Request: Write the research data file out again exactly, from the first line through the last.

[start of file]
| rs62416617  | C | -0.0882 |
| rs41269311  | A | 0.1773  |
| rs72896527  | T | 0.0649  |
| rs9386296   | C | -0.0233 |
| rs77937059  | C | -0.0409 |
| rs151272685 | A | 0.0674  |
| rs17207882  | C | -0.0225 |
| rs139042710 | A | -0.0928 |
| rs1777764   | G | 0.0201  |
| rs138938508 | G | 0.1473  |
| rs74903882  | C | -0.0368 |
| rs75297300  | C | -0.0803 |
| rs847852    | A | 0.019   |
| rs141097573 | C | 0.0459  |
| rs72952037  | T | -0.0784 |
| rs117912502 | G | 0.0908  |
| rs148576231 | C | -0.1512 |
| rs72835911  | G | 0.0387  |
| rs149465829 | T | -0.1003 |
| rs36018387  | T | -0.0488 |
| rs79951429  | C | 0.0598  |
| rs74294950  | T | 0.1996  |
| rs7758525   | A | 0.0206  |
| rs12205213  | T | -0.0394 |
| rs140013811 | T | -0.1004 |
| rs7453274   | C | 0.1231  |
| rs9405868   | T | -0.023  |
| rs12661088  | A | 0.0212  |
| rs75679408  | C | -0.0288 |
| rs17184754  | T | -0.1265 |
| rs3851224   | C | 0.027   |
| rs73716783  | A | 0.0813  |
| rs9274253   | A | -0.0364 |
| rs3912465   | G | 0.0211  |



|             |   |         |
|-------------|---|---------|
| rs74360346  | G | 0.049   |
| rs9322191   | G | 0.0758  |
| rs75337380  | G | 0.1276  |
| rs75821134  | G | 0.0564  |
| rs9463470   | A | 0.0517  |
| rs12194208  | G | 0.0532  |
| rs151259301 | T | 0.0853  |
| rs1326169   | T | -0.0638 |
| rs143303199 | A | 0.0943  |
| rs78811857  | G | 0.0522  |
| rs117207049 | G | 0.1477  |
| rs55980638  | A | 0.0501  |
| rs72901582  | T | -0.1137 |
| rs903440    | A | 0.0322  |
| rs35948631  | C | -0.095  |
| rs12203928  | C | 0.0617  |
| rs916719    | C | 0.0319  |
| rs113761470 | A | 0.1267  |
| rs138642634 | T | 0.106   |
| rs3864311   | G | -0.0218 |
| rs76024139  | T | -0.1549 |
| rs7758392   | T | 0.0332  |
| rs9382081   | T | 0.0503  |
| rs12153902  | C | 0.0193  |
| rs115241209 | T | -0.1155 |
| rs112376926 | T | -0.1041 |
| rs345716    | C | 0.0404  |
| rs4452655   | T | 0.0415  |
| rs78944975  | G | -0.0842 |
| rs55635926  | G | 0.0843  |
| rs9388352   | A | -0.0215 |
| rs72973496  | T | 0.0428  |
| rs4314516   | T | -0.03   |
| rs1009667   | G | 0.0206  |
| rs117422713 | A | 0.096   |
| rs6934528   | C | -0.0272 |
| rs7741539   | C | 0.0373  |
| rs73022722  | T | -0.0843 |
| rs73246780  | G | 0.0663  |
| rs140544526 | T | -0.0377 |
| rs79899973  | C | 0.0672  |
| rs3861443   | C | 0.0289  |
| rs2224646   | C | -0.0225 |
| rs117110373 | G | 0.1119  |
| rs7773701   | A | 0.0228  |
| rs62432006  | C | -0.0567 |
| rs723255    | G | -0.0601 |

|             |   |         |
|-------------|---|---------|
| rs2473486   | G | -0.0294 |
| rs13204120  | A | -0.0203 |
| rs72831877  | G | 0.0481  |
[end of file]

| rs62416617  | C | -0.0882 |
| rs41269311  | A | 0.1773  |
| rs72896527  | T | 0.0649  |
| rs9386296   | C | -0.0233 |
| rs77937059  | C | -0.0409 |
| rs151272685 | A | 0.0674  |
| rs17207882  | C | -0.0225 |
| rs139042710 | A | -0.0928 |
| rs1777764   | G | 0.0201  |
| rs138938508 | G | 0.1473  |
| rs74903882  | C | -0.0368 |
| rs75297300  | C | -0.0803 |
| rs847852    | A | 0.019   |
| rs141097573 | C | 0.0459  |
| rs72952037  | T | -0.0784 |
| rs117912502 | G | 0.0908  |
| rs148576231 | C | -0.1512 |
| rs72835911  | G | 0.0387  |
| rs149465829 | T | -0.1003 |
| rs36018387  | T | -0.0488 |
| rs79951429  | C | 0.0598  |
| rs74294950  | T | 0.1996  |
| rs7758525   | A | 0.0206  |
| rs12205213  | T | -0.0394 |
| rs140013811 | T | -0.1004 |
| rs7453274   | C | 0.1231  |
| rs9405868   | T | -0.023  |
| rs12661088  | A | 0.0212  |
| rs75679408  | C | -0.0288 |
| rs17184754  | T | -0.1265 |
| rs3851224   | C | 0.027   |
| rs73716783  | A | 0.0813  |
| rs9274253   | A | -0.0364 |
| rs3912465   | G | 0.0211  |



|             |   |         |
|-------------|---|---------|
| rs74360346  | G | 0.049   |
| rs9322191   | G | 0.0758  |
| rs75337380  | G | 0.1276  |
| rs75821134  | G | 0.0564  |
| rs9463470   | A | 0.0517  |
| rs12194208  | G | 0.0532  |
| rs151259301 | T | 0.0853  |
| rs1326169   | T | -0.0638 |
| rs143303199 | A | 0.0943  |
| rs78811857  | G | 0.0522  |
| rs117207049 | G | 0.1477  |
| rs55980638  | A | 0.0501  |
| rs72901582  | T | -0.1137 |
| rs903440    | A | 0.0322  |
| rs35948631  | C | -0.095  |
| rs12203928  | C | 0.0617  |
| rs916719    | C | 0.0319  |
| rs113761470 | A | 0.1267  |
| rs138642634 | T | 0.106   |
| rs3864311   | G | -0.0218 |
| rs76024139  | T | -0.1549 |
| rs7758392   | T | 0.0332  |
| rs9382081   | T | 0.0503  |
| rs12153902  | C | 0.0193  |
| rs115241209 | T | -0.1155 |
| rs112376926 | T | -0.1041 |
| rs345716    | C | 0.0404  |
| rs4452655   | T | 0.0415  |
| rs78944975  | G | -0.0842 |
| rs55635926  | G | 0.0843  |
| rs9388352   | A | -0.0215 |
| rs72973496  | T | 0.0428  |
| rs4314516   | T | -0.03   |
| rs1009667   | G | 0.0206  |
| rs117422713 | A | 0.096   |
| rs6934528   | C | -0.0272 |
| rs7741539   | C | 0.0373  |
| rs73022722  | T | -0.0843 |
| rs73246780  | G | 0.0663  |
| rs140544526 | T | -0.0377 |
| rs79899973  | C | 0.0672  |
| rs3861443   | C | 0.0289  |
| rs2224646   | C | -0.0225 |
| rs117110373 | G | 0.1119  |
| rs7773701   | A | 0.0228  |
| rs62432006  | C | -0.0567 |
| rs723255    | G | -0.0601 |

|             |   |         |
|-------------|---|---------|
| rs2473486   | G | -0.0294 |
| rs13204120  | A | -0.0203 |
| rs72831877  | G | 0.0481  |